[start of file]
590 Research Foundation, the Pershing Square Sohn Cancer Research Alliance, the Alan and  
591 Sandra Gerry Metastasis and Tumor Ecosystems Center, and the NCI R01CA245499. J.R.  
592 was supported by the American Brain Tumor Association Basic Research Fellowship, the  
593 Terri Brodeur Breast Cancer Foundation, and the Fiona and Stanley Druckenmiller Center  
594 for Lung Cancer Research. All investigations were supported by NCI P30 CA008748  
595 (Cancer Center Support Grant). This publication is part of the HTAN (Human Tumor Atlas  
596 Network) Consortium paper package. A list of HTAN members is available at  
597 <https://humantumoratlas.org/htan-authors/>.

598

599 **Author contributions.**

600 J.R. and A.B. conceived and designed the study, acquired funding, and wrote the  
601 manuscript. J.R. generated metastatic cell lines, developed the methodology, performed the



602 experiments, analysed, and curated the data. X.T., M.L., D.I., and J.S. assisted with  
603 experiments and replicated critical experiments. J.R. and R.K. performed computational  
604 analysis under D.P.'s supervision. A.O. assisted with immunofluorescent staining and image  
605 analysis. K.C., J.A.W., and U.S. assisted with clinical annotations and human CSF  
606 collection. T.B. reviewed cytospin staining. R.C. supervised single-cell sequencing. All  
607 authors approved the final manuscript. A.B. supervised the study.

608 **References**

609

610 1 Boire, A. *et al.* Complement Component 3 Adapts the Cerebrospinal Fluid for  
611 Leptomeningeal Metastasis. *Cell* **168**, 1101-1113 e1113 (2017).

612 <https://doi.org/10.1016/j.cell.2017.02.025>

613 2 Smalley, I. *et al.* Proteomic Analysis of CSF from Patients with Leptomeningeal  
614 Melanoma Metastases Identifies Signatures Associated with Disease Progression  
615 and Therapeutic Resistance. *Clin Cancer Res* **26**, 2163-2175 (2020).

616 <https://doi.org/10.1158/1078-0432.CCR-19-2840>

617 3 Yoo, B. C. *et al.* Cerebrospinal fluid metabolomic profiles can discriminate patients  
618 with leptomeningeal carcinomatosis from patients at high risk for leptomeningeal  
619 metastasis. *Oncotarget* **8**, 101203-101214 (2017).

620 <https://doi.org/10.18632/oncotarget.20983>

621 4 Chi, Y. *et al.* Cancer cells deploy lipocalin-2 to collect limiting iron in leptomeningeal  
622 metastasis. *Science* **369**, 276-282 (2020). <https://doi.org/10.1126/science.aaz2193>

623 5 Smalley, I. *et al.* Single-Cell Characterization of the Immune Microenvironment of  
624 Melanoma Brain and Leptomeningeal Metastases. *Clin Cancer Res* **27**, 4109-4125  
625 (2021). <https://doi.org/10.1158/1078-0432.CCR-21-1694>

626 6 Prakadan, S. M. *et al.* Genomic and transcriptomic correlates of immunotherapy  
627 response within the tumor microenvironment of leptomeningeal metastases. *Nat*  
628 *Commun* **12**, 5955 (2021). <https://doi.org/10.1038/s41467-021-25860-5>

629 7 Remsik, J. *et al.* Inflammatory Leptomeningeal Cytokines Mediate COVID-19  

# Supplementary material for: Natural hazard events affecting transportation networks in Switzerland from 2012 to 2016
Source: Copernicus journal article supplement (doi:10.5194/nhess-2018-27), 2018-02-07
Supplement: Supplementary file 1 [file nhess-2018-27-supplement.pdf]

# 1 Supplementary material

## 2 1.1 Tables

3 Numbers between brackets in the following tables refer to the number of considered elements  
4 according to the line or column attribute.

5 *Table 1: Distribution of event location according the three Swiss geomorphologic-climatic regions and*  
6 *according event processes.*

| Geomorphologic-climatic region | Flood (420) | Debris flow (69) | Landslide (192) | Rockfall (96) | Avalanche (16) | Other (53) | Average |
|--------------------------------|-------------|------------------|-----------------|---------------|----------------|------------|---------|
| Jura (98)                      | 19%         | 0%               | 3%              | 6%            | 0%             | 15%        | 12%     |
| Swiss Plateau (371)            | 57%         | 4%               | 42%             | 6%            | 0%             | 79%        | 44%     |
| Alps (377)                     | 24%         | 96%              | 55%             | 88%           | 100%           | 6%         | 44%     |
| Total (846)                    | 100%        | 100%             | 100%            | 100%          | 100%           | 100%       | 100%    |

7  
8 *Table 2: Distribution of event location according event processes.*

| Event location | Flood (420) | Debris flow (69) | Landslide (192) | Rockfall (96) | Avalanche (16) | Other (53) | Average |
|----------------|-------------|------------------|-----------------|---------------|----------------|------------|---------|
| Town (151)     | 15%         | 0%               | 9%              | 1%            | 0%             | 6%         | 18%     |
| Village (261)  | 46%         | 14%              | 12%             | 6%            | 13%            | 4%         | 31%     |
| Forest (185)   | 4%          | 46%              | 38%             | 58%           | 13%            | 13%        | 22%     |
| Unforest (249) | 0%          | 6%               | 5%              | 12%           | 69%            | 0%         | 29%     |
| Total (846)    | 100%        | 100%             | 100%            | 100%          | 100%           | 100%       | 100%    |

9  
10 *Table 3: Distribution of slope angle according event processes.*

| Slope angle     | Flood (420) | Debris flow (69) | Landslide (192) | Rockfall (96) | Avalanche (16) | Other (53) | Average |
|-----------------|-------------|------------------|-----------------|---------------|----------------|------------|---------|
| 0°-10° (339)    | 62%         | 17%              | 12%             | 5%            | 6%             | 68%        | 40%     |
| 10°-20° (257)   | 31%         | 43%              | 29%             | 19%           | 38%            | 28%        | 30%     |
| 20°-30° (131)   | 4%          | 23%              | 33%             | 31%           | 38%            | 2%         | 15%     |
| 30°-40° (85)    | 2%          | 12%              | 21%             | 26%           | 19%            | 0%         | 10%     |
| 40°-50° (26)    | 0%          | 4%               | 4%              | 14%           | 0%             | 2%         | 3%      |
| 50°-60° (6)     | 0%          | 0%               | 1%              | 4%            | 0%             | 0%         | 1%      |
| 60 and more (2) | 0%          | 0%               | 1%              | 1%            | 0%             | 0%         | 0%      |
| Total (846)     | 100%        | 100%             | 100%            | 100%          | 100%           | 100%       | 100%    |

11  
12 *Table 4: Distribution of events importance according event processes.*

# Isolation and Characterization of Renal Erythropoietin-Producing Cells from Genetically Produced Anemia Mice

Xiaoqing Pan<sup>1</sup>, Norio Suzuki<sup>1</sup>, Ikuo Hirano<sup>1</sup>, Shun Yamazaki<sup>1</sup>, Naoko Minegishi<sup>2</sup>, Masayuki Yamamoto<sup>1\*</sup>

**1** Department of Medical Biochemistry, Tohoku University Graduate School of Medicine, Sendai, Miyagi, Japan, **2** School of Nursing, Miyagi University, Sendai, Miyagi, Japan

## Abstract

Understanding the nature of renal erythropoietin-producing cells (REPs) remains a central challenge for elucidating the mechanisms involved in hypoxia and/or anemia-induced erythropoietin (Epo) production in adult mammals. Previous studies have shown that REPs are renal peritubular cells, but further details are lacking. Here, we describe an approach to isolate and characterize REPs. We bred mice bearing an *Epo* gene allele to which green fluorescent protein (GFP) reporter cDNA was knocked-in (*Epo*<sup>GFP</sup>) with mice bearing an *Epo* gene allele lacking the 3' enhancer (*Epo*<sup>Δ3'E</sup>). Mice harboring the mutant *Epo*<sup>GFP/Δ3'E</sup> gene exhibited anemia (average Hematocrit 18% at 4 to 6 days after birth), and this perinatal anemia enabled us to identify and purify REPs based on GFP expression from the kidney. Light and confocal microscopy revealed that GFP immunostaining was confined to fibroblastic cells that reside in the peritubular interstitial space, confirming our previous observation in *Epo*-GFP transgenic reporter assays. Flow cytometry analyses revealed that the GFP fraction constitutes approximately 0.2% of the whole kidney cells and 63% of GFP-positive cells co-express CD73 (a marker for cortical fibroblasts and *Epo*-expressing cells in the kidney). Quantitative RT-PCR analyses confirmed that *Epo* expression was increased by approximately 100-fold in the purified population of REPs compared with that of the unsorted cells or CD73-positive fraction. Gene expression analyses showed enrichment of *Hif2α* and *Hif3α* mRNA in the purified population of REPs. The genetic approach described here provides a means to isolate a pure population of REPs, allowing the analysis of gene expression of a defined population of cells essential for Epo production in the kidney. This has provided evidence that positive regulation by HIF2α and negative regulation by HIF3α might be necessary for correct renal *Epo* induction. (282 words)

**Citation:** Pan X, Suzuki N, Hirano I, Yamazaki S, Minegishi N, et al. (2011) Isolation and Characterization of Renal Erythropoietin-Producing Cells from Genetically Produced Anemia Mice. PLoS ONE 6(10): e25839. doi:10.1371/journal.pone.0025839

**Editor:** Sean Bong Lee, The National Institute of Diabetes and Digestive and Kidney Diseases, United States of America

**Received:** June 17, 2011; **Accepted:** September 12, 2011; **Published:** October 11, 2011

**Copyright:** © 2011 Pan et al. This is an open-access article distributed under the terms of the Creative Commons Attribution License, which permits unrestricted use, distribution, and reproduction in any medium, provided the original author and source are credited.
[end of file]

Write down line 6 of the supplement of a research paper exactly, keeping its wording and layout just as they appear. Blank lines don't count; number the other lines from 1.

595 (Cancer Center Support Grant). This publication is part of the HTAN (Human Tumor Atlas  